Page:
We then headed up to the Castlemaine art gallery, which has works by Australian artists as well as a museum of Castlemaine in days of yore.

We went to lunch at the Public Inn, where we had a very reasonable two-course set lunch with wine, consisting of tuna carpaccio and pork belly (me) and shoulder of lamb croquette and salmon pasta (Nicola).

After lunch we walked up to the Botanical Gardens, and explored the Significant Trees of Victoria, of which there are two examples in the gardens.

A Stone Pine (Pinus pinea) - a significant tree of Victoria
We’d pretty well worn ourselves out with all that walking around, so we then went back to the house for a cup of tea and a rest.


On Monday, we were due to take the hire car back to the airport, so popped down to the café for some raisin toast before making an early start down the Calder Highway. We made good time, handed back the car, and then took a taxi into central Melbourne.

We dropped off our bags at the hotel, which was on Little Bourke Street next door to the Punch Lane wine bar, an old haunt from Jason’s Melbourne days. First port of call in Melbourne was the art gallery, where we were searching for a picture that Nicola had seen once, long ago (and possibly in a far-off galaxy). Our search was unsuccessful, so we then set out on a more realistic search, for some lunch. We walked along the length of the South Bank, seeing the sights along the way, then went to a restaurant of Jason’s choosing on the river, Pure South, which provided us with an excellent meal.

After a spot of shopping in the CBD, we reassembled in the Punch Lane Wine Bar for a glass or two of wine and some canapés, before heading out to the main event of the evening – dinner at Movida. This is a tapas restaurant that has grown from a small place (last time I visited Melbourne in 2007) to a three-outlet empire with a large venue on Little Bourke Street. We had a good selection of starter and main course tapas, all brought with a decent time interval between them so that we could drink and enjoy the setting fully. Hero of he meal must have been the braised ox cheeks – beautifully tender and succulent.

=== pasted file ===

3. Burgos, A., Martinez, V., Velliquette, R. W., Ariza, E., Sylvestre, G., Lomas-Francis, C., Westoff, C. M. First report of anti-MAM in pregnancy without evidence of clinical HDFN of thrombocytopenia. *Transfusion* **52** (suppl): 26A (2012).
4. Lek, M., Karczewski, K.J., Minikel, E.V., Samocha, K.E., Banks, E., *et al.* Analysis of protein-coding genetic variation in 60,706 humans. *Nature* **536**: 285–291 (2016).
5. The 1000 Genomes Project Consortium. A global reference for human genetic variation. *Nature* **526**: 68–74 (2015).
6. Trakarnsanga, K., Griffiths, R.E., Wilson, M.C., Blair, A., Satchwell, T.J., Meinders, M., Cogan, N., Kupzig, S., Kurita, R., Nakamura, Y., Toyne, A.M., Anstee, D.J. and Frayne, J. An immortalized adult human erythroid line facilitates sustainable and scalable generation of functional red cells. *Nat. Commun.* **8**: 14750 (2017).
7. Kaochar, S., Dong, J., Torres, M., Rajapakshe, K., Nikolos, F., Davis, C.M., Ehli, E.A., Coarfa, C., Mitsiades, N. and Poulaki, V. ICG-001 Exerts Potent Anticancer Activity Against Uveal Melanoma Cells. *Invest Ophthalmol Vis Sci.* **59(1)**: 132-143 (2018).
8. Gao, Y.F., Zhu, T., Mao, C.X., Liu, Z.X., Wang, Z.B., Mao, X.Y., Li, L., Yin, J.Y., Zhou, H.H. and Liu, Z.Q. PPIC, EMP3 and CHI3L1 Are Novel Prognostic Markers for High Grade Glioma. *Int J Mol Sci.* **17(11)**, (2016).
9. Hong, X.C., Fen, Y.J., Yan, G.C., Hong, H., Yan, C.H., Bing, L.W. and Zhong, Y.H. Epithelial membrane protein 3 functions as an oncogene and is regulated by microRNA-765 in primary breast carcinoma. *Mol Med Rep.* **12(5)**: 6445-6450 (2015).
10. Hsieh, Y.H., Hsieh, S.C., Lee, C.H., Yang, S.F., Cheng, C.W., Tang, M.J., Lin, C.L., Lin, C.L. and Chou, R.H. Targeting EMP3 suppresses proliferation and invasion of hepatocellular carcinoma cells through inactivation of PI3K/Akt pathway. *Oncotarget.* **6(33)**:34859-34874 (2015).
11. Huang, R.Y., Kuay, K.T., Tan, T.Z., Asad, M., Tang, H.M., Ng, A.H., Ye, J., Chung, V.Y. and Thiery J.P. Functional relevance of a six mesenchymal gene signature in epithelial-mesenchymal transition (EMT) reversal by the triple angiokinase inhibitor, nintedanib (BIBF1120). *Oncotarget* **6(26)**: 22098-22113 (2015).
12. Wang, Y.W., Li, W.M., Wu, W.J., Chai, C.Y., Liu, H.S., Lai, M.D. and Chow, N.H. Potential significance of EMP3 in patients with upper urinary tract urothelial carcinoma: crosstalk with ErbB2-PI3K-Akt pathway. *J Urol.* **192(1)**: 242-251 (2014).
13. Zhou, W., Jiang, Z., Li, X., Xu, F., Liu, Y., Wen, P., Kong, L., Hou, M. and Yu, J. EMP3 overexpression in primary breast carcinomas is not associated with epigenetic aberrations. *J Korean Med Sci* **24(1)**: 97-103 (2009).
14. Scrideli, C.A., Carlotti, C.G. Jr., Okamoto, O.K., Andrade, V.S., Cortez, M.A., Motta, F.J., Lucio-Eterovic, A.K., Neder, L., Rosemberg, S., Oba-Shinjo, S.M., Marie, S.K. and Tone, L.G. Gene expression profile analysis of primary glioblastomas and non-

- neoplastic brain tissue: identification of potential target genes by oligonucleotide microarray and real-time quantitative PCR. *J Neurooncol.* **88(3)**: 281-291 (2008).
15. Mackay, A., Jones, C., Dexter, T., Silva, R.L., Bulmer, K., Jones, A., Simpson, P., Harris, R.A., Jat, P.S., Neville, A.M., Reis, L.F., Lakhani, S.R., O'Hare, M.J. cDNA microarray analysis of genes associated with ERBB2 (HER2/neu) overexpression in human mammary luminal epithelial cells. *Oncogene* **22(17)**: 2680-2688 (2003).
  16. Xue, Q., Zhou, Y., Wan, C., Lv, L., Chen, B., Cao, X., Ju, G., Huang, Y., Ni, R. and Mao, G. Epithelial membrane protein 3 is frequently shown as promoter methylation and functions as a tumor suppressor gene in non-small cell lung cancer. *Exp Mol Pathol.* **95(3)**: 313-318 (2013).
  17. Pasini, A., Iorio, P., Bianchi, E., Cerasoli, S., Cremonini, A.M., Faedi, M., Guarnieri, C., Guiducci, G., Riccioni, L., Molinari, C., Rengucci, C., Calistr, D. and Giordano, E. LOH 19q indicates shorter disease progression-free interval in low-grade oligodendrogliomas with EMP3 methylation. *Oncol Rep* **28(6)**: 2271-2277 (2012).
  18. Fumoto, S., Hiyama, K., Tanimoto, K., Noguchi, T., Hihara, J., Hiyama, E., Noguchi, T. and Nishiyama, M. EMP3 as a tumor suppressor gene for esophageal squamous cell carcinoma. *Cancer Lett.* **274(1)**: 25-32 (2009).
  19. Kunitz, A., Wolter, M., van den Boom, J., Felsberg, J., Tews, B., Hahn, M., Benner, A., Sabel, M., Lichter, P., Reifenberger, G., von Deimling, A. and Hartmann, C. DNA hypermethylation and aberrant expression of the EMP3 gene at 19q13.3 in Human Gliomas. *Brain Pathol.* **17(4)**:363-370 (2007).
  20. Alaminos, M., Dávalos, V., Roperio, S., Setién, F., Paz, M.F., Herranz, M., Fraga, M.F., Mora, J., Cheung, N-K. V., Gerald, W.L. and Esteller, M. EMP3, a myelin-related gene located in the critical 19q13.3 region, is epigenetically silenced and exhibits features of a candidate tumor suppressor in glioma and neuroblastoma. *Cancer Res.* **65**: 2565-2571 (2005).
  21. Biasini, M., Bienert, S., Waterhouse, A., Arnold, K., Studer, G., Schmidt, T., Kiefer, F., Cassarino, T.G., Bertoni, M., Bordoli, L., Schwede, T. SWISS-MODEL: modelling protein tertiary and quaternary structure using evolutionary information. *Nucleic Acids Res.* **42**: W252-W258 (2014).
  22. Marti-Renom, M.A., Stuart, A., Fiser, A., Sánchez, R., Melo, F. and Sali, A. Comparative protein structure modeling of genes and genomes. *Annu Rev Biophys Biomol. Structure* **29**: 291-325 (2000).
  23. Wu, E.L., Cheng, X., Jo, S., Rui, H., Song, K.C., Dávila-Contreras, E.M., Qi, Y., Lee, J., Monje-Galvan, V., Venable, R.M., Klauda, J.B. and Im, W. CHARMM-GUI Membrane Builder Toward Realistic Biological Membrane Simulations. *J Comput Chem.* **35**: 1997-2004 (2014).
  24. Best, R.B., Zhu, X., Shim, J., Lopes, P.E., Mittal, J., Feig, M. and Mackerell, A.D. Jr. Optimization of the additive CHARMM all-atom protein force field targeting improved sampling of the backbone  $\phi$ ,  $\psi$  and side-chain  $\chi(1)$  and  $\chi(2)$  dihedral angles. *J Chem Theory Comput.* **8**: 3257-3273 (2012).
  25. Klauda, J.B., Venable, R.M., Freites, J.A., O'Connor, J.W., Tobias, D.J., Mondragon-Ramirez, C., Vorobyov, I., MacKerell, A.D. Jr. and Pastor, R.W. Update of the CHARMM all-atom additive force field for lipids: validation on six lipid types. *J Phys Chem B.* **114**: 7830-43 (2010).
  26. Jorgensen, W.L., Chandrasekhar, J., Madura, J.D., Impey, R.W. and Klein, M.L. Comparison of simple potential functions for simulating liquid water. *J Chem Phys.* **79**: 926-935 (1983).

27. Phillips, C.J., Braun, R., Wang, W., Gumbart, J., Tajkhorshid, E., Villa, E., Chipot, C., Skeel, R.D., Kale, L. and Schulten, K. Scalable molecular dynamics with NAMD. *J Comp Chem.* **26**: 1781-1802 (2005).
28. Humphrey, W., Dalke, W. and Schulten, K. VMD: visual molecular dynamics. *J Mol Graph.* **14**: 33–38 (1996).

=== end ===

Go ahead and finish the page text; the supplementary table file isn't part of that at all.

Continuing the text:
Afterwards we walked home amongst the partying revellers of Melbourne, many of whom were in fancy dress – it was, after all, 31st October.

Next day we went for breakfast at The European, just around the corner from our hotel on Spring Street, opposite the state parliament. There were many behatted people about as it was Melbourne Cup day, and the good citizenry of Melbourne get all dressed up to go to the races.

After checking out of the hotel, we decided to head out of town and down to St Kilda beach, catching a tram down to the main street, and then walking along, taking photos of the local wildlife…

…and the obligatory picture outside the entrance to Luna Park, the amusement park that’s been there for decades.

We looked into a number of shops along Acland Street before lunching at Cicciolina, an old-established Italian named after the famous Italian politician.

Our best-laid plans to return to Castlemaine went slightly aglay as the train we intended to catch turned out not to be running, as it was a bank holiday and so the Saturday timetable was in force. We got back to Castlemaine just in time to pick up Nellie from the café and go home for a quiet night in, after the hecticness of the past two days.